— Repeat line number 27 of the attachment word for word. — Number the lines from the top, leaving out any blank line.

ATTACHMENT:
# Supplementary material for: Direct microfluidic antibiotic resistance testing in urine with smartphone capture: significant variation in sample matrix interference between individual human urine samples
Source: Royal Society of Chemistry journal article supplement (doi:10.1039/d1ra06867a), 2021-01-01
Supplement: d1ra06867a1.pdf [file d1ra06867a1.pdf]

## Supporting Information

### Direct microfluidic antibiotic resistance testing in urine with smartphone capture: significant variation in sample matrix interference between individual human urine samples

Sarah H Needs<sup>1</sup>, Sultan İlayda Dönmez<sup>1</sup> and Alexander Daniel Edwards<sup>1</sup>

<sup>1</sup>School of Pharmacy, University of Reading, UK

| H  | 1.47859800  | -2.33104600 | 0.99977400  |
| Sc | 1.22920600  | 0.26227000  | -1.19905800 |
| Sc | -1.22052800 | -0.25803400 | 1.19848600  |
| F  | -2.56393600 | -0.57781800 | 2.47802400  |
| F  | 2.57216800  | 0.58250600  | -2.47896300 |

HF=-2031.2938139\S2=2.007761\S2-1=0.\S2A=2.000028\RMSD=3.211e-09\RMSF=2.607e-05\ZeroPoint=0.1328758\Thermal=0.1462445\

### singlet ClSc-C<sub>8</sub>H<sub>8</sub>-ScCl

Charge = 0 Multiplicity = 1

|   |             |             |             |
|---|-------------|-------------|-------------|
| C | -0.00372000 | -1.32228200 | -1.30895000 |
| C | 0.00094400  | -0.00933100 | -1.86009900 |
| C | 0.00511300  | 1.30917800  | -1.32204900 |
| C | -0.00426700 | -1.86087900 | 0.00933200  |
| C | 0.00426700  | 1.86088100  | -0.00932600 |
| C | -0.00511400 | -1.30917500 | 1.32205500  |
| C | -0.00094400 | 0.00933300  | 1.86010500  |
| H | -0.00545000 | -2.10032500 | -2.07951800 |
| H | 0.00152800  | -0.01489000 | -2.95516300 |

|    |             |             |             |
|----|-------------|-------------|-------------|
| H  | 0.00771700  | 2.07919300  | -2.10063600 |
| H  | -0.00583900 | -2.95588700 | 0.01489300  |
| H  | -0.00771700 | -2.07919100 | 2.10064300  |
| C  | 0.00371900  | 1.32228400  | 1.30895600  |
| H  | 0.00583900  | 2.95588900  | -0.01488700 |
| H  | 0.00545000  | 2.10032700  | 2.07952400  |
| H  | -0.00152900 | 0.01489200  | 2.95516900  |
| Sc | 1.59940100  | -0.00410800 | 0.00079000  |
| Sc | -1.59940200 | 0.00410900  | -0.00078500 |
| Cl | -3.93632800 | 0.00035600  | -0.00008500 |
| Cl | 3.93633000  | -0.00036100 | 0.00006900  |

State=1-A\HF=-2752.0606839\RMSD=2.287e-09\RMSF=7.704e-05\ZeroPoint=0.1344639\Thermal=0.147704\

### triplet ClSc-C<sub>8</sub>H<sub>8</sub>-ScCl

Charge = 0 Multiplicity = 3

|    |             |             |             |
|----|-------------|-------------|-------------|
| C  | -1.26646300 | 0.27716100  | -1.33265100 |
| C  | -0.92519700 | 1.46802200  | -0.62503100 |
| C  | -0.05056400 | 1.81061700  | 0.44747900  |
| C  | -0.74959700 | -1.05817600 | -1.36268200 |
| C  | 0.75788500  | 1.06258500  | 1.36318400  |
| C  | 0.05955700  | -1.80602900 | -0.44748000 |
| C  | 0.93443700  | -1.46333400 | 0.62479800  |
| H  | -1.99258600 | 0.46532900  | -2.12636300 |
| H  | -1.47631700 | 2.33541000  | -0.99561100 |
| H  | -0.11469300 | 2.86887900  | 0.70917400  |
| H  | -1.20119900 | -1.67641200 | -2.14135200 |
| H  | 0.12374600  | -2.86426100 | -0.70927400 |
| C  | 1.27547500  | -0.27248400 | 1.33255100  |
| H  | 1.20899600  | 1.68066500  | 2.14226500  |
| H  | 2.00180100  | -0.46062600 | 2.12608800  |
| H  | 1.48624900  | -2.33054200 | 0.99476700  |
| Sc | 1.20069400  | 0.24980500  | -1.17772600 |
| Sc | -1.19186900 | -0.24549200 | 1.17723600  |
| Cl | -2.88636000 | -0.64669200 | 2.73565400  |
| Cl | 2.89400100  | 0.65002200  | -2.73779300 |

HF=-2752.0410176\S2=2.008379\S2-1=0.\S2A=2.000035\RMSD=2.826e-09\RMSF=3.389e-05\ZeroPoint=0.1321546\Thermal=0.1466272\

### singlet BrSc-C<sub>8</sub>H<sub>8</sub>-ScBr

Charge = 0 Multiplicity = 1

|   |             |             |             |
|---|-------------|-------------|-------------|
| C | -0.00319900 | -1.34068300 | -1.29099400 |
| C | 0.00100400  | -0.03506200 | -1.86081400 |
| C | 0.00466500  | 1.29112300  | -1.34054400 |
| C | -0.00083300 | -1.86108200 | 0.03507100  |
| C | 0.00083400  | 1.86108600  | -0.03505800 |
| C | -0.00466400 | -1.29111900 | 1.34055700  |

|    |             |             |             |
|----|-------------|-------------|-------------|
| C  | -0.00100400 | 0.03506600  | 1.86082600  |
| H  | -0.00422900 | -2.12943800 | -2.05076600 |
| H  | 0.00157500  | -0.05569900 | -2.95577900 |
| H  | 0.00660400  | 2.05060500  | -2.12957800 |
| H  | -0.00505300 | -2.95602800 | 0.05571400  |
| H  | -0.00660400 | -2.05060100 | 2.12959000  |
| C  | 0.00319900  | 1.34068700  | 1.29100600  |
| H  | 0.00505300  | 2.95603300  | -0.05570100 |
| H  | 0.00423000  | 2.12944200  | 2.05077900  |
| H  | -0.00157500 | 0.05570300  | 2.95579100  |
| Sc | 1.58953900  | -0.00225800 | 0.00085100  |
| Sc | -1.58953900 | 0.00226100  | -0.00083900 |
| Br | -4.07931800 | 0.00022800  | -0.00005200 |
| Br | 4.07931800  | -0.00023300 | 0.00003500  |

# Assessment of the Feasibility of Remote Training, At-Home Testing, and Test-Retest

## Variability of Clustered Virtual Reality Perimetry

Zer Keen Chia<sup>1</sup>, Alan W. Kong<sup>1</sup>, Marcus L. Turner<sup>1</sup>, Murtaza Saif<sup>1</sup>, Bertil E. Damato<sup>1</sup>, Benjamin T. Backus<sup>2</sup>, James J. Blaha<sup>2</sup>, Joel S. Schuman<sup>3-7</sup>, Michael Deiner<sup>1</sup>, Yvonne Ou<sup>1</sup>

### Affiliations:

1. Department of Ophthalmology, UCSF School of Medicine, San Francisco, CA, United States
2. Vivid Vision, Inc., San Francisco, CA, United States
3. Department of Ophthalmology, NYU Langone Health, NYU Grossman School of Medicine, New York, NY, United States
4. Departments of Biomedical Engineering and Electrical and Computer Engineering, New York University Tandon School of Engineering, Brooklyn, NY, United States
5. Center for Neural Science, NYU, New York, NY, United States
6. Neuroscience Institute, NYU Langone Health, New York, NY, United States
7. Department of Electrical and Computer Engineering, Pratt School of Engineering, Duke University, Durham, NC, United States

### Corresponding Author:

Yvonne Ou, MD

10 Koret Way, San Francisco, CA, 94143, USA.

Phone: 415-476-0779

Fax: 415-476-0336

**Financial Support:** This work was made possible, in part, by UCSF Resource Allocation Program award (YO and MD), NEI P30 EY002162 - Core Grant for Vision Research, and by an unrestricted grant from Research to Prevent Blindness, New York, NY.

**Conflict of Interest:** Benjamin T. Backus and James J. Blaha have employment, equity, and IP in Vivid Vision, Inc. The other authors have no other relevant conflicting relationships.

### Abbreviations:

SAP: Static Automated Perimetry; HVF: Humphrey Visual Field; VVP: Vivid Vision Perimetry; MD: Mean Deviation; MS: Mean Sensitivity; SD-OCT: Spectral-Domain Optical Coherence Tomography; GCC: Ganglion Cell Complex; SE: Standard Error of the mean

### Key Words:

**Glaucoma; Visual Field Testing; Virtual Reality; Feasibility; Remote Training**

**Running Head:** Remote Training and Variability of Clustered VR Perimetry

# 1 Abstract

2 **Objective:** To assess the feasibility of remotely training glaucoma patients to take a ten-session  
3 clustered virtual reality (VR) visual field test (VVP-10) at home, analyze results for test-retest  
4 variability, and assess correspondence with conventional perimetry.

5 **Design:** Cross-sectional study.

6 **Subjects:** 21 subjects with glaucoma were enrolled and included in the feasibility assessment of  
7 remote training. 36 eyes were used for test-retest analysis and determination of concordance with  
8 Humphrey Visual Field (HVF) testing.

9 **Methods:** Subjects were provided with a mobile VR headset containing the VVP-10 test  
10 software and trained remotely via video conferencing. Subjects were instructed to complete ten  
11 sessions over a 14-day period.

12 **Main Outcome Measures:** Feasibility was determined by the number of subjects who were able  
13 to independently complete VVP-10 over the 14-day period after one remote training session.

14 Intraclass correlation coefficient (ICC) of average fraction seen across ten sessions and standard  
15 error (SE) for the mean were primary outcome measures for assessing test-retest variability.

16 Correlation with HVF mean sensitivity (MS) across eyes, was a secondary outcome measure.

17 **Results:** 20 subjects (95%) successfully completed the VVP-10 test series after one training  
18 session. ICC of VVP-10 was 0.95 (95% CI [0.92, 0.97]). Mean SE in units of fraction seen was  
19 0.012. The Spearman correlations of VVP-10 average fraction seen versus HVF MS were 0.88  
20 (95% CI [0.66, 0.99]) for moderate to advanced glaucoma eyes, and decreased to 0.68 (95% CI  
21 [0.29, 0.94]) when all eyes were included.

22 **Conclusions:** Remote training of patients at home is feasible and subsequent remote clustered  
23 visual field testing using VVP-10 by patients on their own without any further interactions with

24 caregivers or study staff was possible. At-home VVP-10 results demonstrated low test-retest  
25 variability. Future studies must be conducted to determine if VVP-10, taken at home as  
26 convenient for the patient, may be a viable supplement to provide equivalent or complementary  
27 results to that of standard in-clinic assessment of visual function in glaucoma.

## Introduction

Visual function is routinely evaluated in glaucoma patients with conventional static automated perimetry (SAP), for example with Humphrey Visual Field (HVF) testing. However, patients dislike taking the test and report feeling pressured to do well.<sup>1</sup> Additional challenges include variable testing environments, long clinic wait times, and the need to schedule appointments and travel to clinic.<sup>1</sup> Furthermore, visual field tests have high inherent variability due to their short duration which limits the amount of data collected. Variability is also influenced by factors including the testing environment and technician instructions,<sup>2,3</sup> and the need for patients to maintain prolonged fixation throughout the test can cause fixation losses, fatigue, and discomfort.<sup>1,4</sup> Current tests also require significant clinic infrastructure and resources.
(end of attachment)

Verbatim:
|    |             |             |             |